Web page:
This article is for investors who would like to improve their understanding of price to earnings ratios (P/E ratios). We’ll look at HOCHTIEF Aktiengesellschaft’s (FRA:HOT) P/E ratio and reflect on what it tells us about the company’s share price. Based on the last twelve months, HOCHTIEF’s P/E ratio is 14.3. That means that at current prices, buyers pay €14.3 for every €1 in trailing yearly profits.
How Do I Calculate A Price To Earnings Ratio?
The formula for price to earnings is:
Price to Earnings Ratio = Price per Share ÷ Earnings per Share (EPS)
Or for HOCHTIEF:
P/E of 14.3 = €115.9 ÷ €8.1 (Based on the trailing twelve months to September 2018.)
Is A High Price-to-Earnings Ratio Good?
A higher P/E ratio means that investors are paying a higher price for each €1 of company earnings. That is not a good or a bad thing per se, but a high P/E does imply buyers are optimistic about the future.
How Growth Rates Impact P/E Ratios
Probably the most important factor in determining what P/E a company trades on is the earnings growth. That’s because companies that grow earnings per share quickly will rapidly increase the ‘E’ in the equation. That means even if the current P/E is high, it will reduce over time if the share price stays flat. A lower P/E should indicate the stock is cheap relative to others — and that may attract buyers.
Notably, HOCHTIEF grew EPS by a whopping 30% in the last year. And it has bolstered its earnings per share by 51% per year over the last five years. I’d therefore be a little surprised if its P/E ratio was not relatively high.
How Does HOCHTIEF’s P/E Ratio Compare To Its Peers?
The P/E ratio essentially measures market expectations of a company. You can see in the image below that the average P/E (10.4) for companies in the construction industry is lower than HOCHTIEF’s P/E.
Its relatively high P/E ratio indicates that HOCHTIEF shareholders think it will perform better than other companies in its industry classification. The market is optimistic about the future, but that doesn’t guarantee future growth. So further research is always essential. I often monitor director buying and selling.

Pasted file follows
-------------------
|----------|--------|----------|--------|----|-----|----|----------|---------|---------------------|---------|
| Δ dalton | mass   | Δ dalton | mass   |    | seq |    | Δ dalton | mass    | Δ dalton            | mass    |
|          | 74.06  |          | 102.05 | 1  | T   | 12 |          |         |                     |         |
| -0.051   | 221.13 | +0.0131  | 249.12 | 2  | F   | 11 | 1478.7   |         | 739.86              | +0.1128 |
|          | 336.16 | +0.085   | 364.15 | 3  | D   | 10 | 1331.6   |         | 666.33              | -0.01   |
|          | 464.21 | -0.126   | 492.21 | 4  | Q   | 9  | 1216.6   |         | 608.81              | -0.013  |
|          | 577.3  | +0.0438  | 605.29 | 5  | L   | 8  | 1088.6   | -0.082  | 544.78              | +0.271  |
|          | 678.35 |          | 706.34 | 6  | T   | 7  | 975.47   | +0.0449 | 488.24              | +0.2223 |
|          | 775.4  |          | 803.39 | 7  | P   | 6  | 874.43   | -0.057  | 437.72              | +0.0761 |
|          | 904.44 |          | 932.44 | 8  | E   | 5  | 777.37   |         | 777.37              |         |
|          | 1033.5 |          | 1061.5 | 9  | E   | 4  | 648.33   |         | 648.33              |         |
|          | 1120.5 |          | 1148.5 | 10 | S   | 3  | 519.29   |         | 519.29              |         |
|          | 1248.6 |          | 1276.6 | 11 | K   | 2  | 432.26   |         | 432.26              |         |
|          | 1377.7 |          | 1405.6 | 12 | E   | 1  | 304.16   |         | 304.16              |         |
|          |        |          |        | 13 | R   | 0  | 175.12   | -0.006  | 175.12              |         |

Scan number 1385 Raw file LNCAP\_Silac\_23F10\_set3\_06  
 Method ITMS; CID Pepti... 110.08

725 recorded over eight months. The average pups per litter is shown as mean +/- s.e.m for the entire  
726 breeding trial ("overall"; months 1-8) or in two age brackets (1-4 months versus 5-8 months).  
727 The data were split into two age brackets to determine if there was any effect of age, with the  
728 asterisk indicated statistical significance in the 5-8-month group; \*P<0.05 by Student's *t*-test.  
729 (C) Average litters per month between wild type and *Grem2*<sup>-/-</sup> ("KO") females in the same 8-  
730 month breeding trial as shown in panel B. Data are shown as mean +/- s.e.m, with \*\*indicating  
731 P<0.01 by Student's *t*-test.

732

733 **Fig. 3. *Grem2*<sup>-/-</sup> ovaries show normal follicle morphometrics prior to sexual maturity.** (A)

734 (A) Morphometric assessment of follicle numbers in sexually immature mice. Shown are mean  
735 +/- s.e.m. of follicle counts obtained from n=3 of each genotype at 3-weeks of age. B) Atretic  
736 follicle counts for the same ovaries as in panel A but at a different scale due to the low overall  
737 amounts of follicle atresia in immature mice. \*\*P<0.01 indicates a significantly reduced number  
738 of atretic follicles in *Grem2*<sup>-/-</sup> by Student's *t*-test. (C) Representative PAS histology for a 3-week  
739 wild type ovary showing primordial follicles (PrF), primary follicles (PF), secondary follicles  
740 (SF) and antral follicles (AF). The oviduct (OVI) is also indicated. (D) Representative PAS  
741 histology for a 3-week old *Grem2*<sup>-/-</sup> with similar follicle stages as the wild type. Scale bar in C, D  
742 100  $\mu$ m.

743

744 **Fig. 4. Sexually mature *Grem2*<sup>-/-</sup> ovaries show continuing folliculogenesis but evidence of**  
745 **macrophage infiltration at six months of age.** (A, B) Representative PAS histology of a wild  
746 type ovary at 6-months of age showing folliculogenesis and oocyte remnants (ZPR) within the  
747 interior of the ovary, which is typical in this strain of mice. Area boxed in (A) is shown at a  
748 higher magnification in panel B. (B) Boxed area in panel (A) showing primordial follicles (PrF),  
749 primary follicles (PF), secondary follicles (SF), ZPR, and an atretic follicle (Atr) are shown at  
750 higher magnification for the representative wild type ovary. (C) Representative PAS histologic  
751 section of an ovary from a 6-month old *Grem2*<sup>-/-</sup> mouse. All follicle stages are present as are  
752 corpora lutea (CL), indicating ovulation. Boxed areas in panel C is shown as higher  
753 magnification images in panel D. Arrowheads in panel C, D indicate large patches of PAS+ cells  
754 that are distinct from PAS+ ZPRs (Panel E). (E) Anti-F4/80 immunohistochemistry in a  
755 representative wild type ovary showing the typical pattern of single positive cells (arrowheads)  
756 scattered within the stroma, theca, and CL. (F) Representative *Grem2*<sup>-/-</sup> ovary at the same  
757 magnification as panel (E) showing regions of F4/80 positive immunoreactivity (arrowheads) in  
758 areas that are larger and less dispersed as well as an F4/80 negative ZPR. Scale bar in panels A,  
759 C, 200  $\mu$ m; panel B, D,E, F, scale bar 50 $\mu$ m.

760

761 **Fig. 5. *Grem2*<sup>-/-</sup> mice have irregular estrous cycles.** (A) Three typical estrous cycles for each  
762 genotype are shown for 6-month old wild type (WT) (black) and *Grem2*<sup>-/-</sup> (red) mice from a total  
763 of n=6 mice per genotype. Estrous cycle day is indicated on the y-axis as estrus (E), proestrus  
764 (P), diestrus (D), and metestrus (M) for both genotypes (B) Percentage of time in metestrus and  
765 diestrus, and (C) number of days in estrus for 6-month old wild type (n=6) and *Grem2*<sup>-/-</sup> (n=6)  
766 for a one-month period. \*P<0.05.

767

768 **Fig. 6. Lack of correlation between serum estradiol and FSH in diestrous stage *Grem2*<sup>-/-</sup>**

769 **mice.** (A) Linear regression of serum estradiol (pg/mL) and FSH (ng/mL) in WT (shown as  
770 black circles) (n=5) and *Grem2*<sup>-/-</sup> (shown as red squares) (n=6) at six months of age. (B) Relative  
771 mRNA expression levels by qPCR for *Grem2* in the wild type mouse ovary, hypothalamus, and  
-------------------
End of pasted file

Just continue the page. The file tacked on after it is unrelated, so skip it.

Don’t Forget: The P/E Does Not Account For Debt or Bank Deposits
The ‘Price’ in P/E reflects the market capitalization of the company. In other words, it does not consider any debt or cash that the company may have on the balance sheet. In theory, a company can lower its future P/E ratio by using cash or debt to invest in growth.
Such expenditure might be good or bad, in the long term, but the point here is that the balance sheet is not reflected by this ratio.
How Does HOCHTIEF’s Debt Impact Its P/E Ratio?
HOCHTIEF has net debt worth 28% of its market capitalization. This is enough debt that you’d have to make some adjustments before using the P/E ratio to compare it to a company with net cash.
The Bottom Line On HOCHTIEF’s P/E Ratio
HOCHTIEF has a P/E of 14.3. That’s below the average in the DE market, which is 17.1. The company does have a little debt, and EPS growth was good last year. If the company can continue to grow earnings, then the current P/E may be unjustifiably low. Since analysts are predicting growth will continue, one might expect to see a higher P/E so it may be worth looking closer.
When the market is wrong about a stock, it gives savvy investors an opportunity. If it is underestimating a company, investors can make money by buying and holding the shares until the market corrects itself. So this free visualization of the analyst consensus on future earnings could help you make the right decision about whether to buy, sell, or hold.
But note: HOCHTIEF may not be the best stock to buy. So take a peek at this free list of interesting companies with strong recent earnings growth (and a P/E ratio below 20).
To help readers see past the short term volatility of the financial market, we aim to bring you a long-term focused research analysis purely driven by fundamental data. Note that our analysis does not factor in the latest price-sensitive company announcements.
The author is an independent contributor and at the time of publication had no position in the stocks mentioned. For errors that warrant correction please contact the editor at firstname.lastname@example.org.